See article on page 1079

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Hepatocellular carcinoma (HCC) is one of the most prevalent human cancers around the world, with a high mortality rate and increasing incidence. 1 Without treatment, HCC, particularly HCC diagnosed at an advanced stage, usually leads to death within a few months, and long-term survival is an exception. 2 Spontaneous regression (SR) of a malignant tumour in a person is, although rare, a well-recognized fact. 3 Spontaneous regression was defined by Everson and Cole as a partial or complete involution of a malignant tumour without a specific therapy being applied. 4 It has been estimated that SR of neoplasia occurs no more than once in 60 000–100 000 patients with cancer. 3 Spontaneous regression has been reported in a variety of malignant diseases including HCC, but cancer of the kidney, neuroblastoma, and malignant melanoma are major types of tumours showing SR. 3

Spontaneous regression of HCC is extremely rare and, in particular, complete SR is an extraordinarily unusual phenomenon. However, to date, more than 20 patients with SR have been published as case reports in the English literature. In these reports, SR was defined by serum α-fetoprotein (AFP) levels, imaging diagnosis such as computed tomography and ultrasonography, and occasionally also by histological examination. The profile of patients who experience spontaneous HCC regression does not differ from that of other HCC patients: the patients with SR were, for the most part, men greater than 60 years of age with some underlying liver disease (viral or alcoholic) demonstrating a wide range of tumour sizes, serum AFP levels, and histopathological features. In experimental animals, there is no accepted model for spontaneous HCC regression.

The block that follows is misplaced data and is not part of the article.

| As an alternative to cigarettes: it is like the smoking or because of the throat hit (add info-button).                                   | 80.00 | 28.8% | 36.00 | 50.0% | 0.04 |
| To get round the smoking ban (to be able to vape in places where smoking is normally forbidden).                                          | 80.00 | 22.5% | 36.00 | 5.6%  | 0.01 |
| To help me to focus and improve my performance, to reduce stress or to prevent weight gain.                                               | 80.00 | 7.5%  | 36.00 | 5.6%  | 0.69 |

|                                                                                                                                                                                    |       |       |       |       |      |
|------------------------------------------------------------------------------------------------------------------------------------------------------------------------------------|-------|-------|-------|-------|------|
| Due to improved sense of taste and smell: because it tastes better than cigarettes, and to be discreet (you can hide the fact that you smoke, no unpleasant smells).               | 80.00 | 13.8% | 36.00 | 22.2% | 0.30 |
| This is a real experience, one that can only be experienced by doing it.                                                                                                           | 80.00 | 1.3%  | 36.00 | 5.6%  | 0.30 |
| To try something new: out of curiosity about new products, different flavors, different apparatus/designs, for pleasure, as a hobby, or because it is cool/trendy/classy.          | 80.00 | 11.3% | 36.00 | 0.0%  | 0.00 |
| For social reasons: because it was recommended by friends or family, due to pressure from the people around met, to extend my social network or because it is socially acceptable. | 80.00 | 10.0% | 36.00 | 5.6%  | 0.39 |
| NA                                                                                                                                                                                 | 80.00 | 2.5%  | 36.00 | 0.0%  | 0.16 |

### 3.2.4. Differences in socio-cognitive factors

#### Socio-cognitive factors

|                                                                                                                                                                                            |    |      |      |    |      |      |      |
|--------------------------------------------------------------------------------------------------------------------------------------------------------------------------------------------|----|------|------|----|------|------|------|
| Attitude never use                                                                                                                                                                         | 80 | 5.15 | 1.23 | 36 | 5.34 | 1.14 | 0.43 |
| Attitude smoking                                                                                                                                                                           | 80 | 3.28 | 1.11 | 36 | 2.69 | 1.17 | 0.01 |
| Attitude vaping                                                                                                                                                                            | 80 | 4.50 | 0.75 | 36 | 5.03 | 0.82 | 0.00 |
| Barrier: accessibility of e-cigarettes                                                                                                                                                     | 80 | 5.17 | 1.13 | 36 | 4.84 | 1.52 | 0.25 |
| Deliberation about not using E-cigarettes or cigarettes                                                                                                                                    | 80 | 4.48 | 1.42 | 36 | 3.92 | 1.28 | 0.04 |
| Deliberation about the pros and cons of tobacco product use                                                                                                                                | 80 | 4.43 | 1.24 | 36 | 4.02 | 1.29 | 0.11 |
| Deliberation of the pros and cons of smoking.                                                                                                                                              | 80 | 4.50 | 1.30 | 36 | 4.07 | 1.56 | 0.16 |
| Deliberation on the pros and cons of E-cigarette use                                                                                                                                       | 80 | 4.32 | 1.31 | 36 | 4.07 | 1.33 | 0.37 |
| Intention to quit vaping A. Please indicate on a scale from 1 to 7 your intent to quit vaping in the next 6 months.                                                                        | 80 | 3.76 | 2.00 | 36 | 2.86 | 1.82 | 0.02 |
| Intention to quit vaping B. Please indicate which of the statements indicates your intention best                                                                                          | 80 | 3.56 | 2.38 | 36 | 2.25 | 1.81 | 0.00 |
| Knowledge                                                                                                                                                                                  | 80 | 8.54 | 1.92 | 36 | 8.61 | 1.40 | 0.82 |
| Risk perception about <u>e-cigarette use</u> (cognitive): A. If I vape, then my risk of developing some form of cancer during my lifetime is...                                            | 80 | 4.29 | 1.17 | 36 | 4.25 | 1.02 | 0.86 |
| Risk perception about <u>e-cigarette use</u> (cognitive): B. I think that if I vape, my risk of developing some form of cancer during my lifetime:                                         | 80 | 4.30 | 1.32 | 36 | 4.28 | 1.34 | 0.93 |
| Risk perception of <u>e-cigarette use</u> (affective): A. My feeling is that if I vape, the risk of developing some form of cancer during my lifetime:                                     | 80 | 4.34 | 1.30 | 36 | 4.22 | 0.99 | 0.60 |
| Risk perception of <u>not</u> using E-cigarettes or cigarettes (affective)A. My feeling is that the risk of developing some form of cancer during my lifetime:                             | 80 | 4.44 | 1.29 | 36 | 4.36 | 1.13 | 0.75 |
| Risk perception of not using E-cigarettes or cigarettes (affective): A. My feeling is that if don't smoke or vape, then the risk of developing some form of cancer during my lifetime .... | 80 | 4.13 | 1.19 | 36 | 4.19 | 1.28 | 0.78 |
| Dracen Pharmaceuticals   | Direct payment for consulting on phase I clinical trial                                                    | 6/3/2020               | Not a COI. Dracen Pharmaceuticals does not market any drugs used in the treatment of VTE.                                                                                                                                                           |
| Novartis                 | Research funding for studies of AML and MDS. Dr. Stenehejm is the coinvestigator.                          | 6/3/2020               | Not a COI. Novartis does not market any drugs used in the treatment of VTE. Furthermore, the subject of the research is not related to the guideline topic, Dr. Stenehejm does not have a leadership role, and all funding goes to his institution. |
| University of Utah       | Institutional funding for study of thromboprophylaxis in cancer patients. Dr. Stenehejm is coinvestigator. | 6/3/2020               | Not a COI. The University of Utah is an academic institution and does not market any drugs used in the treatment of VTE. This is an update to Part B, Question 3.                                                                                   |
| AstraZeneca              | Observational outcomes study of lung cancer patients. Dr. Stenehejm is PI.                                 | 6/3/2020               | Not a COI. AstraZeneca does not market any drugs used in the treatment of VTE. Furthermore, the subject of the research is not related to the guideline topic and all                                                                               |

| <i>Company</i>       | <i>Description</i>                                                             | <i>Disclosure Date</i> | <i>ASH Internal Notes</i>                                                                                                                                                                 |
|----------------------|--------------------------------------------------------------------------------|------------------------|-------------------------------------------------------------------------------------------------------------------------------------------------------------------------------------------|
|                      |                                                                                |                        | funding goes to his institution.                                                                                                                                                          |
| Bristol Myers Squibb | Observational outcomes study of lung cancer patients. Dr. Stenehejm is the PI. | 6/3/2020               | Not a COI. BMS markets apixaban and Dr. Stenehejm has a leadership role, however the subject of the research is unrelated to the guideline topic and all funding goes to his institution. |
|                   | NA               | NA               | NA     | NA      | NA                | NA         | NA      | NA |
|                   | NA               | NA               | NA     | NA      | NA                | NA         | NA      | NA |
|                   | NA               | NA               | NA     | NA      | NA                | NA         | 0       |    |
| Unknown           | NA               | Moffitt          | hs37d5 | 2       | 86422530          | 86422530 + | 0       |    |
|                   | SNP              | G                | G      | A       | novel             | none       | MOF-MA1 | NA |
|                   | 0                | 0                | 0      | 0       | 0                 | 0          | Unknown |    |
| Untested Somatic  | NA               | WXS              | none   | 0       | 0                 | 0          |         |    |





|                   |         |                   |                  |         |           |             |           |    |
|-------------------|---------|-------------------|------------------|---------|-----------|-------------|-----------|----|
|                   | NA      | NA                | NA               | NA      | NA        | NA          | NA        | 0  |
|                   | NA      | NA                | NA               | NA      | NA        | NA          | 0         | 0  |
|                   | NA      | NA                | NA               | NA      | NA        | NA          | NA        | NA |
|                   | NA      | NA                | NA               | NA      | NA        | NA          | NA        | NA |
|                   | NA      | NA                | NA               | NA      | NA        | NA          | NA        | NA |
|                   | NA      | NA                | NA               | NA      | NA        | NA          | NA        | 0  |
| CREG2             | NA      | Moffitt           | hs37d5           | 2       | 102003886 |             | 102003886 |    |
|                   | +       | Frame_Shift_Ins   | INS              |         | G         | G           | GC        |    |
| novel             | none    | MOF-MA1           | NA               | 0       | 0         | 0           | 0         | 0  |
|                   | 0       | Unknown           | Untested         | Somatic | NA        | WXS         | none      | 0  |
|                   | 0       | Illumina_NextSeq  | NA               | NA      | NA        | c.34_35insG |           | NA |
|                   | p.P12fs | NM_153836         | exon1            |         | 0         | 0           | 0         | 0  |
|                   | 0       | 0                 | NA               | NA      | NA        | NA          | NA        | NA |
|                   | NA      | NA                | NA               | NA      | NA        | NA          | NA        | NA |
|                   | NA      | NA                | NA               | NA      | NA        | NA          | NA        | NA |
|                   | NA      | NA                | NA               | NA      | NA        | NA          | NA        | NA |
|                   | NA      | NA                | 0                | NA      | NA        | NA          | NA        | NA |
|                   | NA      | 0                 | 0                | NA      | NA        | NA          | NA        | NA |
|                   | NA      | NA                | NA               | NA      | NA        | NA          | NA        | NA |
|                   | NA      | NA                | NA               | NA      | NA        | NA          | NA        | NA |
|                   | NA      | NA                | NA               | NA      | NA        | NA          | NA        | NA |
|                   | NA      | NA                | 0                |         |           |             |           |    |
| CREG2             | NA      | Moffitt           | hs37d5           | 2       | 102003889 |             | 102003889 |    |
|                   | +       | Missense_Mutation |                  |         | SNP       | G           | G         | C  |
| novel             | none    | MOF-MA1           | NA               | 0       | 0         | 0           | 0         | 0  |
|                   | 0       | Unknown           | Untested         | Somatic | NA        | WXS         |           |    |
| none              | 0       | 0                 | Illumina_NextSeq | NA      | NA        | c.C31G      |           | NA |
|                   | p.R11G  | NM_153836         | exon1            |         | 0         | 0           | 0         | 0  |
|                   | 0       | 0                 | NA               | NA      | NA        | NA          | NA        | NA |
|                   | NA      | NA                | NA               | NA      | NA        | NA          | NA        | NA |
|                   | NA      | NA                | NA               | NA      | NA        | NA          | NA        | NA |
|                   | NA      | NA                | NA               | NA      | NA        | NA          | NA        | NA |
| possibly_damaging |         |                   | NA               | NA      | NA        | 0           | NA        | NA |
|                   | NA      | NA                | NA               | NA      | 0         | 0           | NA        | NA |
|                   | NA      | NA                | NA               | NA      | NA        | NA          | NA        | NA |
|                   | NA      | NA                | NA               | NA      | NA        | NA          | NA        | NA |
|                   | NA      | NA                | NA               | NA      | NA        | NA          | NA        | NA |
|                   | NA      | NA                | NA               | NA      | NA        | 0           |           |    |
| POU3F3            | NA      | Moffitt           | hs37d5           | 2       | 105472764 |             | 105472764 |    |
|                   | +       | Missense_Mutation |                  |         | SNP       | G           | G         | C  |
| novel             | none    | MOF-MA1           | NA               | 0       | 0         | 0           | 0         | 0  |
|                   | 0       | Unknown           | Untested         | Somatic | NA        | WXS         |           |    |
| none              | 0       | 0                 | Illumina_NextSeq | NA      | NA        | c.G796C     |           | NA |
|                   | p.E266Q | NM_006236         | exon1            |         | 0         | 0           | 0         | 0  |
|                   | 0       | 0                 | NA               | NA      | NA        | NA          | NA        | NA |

The biological nature of SR is poorly understood. The precise mechanisms leading to SR, which may differ individually, remain unclear, although various causes have been proposed. 3–5 Because of the rarity of this intriguing phenomenon, possible mechanisms discussed in the literature originate primarily from the analysis of individual case histories. Incorrect initial diagnoses aside, biological factors suggested in an attempt to explain SR include hormonal influences, withdrawal of agents required for tumour growth, deprivation of oxygen and nutrients, intake of unconventional medicine, and improvement of immune system activities. 3–5 Several authors consider the mechanism of SR to be multifactorial. In the case of HCC, SR has been reported to develop after various situations such as androgen withdrawal, alcohol withdrawal, use of herbal medicine, and infection in the tumour. 6–9 In addition, disruption of the blood supply to HCC, due to rapid tumour growth, angiography, surgical trauma, and massive bleeding, can lead to tumour necrosis of this oxygen-sensitive malignancy. 10,11